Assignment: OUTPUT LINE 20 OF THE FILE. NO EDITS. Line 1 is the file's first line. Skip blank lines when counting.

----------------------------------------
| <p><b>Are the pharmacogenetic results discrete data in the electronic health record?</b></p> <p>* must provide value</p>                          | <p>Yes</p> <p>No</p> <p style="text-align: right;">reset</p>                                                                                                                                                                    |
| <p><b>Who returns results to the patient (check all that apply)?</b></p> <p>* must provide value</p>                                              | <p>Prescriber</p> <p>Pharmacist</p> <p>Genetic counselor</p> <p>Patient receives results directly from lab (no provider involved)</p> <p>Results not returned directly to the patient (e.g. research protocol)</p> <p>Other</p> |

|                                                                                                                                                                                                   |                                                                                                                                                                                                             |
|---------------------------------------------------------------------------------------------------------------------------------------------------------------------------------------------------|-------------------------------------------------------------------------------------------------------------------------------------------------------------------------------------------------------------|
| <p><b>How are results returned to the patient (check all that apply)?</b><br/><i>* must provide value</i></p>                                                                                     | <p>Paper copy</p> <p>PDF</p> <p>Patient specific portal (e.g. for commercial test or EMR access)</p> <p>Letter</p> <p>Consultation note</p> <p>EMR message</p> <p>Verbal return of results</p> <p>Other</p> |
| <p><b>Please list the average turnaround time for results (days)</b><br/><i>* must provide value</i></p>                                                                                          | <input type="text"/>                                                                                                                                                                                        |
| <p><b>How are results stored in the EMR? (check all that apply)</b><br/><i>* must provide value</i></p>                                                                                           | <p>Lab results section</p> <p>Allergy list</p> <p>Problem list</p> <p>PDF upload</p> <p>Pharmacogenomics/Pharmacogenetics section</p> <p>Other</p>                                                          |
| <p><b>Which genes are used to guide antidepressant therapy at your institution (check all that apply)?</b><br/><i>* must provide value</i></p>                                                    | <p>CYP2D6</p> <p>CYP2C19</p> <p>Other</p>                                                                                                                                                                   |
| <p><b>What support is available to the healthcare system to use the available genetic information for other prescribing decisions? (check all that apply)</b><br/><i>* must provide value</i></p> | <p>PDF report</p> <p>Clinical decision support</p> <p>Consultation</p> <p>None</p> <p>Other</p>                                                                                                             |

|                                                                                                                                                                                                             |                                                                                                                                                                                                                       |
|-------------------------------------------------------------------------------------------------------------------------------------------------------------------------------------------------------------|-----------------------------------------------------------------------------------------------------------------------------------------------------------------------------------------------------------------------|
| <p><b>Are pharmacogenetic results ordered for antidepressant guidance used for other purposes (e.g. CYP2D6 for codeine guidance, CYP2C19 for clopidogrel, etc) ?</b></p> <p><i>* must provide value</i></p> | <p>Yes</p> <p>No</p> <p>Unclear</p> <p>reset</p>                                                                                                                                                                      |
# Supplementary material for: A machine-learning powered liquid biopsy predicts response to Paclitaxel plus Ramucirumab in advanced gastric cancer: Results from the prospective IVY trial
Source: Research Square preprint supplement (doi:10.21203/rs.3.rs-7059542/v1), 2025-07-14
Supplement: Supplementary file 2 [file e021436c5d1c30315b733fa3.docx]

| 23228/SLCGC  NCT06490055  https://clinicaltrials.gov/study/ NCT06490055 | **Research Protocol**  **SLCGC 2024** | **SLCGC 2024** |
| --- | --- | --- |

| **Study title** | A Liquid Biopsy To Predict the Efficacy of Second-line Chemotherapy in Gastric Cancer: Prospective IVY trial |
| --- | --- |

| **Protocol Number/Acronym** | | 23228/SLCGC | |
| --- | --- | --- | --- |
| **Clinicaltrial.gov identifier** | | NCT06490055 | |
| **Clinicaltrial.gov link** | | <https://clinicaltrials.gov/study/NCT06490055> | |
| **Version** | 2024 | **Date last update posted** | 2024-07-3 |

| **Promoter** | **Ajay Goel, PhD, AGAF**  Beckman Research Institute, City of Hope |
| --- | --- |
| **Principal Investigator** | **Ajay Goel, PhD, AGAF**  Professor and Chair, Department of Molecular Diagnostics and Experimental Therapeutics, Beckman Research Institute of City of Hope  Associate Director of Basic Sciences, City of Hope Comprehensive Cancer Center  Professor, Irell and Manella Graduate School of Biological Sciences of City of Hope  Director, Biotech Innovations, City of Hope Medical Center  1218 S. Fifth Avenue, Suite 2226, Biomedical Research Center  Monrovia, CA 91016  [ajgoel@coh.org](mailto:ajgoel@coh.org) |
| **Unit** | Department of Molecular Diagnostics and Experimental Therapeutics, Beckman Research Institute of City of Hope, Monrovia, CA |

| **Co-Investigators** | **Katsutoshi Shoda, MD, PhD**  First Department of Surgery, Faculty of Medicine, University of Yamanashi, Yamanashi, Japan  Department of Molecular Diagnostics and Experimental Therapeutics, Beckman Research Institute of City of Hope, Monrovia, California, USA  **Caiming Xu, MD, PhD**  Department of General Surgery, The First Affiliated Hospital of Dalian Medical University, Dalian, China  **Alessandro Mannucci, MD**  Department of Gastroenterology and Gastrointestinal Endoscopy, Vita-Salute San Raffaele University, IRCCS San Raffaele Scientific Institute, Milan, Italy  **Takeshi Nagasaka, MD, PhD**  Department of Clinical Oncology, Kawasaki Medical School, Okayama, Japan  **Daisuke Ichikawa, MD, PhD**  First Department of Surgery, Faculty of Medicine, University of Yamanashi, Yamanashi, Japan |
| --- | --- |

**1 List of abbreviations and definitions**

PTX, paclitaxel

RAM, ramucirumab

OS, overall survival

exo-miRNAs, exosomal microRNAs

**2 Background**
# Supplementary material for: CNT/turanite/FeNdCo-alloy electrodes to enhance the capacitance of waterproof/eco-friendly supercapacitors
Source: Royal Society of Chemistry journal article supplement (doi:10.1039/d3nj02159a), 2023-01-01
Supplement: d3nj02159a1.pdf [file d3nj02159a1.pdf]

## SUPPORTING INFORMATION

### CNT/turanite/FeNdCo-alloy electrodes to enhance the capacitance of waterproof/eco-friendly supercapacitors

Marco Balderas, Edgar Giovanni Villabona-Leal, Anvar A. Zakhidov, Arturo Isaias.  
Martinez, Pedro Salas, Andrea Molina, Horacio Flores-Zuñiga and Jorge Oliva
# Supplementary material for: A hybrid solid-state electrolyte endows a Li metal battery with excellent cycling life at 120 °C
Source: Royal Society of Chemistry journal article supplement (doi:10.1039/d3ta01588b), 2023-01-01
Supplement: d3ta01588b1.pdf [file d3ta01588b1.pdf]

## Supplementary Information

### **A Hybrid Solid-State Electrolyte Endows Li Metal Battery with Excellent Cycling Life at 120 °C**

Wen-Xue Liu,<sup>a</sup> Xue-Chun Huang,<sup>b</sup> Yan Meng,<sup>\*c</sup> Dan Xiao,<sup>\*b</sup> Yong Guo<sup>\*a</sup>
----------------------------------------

| **Protocol Number/Acronym** | | 23228/SLCGC | |